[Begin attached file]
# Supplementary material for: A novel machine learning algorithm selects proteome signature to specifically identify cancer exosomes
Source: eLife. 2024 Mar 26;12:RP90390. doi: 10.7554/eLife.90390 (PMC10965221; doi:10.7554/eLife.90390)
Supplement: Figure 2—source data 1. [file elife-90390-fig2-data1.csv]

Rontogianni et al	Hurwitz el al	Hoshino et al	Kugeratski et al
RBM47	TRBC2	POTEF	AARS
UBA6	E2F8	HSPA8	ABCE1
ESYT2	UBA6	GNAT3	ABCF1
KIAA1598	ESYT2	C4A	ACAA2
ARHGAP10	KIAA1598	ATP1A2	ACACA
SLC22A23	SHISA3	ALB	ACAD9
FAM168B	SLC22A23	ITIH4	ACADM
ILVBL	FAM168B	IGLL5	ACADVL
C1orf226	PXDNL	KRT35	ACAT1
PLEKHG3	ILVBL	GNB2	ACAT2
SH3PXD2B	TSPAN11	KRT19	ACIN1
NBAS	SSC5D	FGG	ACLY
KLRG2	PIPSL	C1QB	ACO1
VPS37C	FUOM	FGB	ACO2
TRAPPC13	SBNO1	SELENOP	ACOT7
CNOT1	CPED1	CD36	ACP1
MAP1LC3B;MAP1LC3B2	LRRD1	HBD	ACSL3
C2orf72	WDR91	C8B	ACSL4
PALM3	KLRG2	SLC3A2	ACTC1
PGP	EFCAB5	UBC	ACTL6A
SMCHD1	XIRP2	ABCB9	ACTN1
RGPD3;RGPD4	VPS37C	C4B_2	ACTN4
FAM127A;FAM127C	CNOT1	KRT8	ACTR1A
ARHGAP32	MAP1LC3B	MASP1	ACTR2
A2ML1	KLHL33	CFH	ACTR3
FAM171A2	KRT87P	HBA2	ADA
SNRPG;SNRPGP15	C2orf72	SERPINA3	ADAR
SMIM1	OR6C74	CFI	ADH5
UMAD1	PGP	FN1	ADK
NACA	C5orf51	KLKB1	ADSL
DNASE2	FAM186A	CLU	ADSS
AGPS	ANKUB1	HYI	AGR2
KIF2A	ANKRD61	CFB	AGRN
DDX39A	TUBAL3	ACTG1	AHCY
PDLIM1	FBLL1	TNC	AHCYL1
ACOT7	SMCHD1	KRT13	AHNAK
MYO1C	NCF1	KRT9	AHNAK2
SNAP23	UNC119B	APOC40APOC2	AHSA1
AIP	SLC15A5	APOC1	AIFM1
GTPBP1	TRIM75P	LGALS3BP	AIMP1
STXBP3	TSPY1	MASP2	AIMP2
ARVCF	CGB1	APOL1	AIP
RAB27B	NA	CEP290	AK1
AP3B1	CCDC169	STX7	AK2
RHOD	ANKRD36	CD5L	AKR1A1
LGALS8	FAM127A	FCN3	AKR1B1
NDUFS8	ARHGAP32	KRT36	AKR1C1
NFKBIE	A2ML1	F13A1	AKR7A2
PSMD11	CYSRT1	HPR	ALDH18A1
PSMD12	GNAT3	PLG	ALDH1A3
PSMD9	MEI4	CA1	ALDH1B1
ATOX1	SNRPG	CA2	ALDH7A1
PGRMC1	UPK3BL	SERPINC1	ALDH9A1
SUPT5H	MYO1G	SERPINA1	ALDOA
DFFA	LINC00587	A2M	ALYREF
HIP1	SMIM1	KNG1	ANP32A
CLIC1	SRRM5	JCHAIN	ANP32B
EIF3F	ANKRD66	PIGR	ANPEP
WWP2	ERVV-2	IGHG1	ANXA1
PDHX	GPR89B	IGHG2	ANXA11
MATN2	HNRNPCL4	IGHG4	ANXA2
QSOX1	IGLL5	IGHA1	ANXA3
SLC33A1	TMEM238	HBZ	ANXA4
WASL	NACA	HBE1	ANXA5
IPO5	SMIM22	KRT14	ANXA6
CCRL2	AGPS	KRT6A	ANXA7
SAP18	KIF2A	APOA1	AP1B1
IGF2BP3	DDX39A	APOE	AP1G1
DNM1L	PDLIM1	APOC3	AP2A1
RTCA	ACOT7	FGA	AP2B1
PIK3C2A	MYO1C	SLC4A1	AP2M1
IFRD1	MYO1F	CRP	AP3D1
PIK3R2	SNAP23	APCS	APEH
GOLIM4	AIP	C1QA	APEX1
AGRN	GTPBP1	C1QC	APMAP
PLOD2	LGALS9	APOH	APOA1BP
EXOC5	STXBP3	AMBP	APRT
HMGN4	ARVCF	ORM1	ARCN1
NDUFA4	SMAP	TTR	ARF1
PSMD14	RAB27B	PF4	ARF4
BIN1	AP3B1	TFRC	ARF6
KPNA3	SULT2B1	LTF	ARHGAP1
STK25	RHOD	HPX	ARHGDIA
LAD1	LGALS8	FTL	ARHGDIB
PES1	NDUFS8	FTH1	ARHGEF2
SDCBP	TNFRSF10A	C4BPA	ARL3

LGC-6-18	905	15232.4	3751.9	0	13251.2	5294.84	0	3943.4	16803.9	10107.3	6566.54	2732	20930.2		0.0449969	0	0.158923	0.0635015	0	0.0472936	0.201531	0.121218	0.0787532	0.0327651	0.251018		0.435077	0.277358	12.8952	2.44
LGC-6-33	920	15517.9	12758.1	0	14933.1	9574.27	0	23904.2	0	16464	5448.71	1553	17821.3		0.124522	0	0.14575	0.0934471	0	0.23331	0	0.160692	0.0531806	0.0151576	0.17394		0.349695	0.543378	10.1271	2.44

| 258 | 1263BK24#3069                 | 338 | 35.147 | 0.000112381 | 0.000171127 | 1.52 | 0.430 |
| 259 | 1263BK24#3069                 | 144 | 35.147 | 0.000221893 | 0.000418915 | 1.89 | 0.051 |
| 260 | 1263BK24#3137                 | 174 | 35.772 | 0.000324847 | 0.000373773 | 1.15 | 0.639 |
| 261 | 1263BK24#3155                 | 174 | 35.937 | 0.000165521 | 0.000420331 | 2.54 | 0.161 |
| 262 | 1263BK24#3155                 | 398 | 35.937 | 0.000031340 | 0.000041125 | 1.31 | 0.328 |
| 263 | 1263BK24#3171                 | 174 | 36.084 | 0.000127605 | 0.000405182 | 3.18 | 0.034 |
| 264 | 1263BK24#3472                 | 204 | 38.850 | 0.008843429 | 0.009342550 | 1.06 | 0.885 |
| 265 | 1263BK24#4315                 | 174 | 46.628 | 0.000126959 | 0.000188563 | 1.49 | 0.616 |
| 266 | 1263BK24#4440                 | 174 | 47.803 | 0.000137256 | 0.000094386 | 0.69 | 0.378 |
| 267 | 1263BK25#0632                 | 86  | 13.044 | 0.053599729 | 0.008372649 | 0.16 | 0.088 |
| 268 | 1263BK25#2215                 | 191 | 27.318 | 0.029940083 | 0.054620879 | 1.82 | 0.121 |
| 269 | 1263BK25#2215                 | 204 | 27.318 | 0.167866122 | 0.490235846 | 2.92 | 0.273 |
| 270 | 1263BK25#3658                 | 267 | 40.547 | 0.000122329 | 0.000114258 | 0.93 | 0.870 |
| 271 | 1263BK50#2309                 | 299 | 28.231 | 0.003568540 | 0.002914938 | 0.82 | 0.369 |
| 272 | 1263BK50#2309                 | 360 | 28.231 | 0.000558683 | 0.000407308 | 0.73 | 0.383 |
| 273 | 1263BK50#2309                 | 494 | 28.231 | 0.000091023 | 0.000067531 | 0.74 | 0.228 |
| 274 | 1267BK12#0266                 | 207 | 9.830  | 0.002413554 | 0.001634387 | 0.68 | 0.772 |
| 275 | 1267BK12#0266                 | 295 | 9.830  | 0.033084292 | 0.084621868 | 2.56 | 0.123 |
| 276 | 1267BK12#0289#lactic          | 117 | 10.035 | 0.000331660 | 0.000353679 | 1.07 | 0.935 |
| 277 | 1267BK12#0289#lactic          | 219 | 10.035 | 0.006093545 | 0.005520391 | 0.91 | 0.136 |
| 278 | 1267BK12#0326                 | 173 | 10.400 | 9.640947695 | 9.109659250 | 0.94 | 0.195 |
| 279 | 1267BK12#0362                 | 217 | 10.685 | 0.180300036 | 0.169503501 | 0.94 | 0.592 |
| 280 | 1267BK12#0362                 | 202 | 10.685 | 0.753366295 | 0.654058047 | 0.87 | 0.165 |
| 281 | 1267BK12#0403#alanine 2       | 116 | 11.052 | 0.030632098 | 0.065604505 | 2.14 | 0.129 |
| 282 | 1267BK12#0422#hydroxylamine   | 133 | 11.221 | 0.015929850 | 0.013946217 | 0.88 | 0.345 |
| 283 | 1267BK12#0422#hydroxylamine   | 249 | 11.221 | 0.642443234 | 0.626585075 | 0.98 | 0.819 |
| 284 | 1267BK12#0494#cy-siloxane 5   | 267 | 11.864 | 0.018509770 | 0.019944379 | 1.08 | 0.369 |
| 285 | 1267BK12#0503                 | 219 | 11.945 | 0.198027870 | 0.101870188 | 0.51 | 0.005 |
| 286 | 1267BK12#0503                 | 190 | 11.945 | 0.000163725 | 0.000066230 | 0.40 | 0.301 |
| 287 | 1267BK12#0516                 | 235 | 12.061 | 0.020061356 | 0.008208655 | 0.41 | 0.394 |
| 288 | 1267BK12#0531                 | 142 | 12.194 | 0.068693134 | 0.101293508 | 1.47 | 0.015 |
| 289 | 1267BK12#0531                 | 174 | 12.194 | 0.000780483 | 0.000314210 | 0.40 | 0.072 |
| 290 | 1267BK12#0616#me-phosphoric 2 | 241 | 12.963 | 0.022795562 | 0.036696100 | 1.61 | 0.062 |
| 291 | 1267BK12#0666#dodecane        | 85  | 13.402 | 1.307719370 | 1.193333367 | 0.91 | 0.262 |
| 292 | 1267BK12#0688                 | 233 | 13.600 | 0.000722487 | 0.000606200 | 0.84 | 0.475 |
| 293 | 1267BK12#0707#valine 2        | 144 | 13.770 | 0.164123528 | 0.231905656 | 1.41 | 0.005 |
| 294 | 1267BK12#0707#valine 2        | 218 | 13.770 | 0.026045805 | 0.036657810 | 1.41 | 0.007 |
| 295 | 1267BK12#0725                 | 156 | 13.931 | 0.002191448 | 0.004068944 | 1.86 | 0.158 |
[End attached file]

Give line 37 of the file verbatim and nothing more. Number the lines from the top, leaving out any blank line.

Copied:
KIF2A	ANKRD61	CFB	AGRN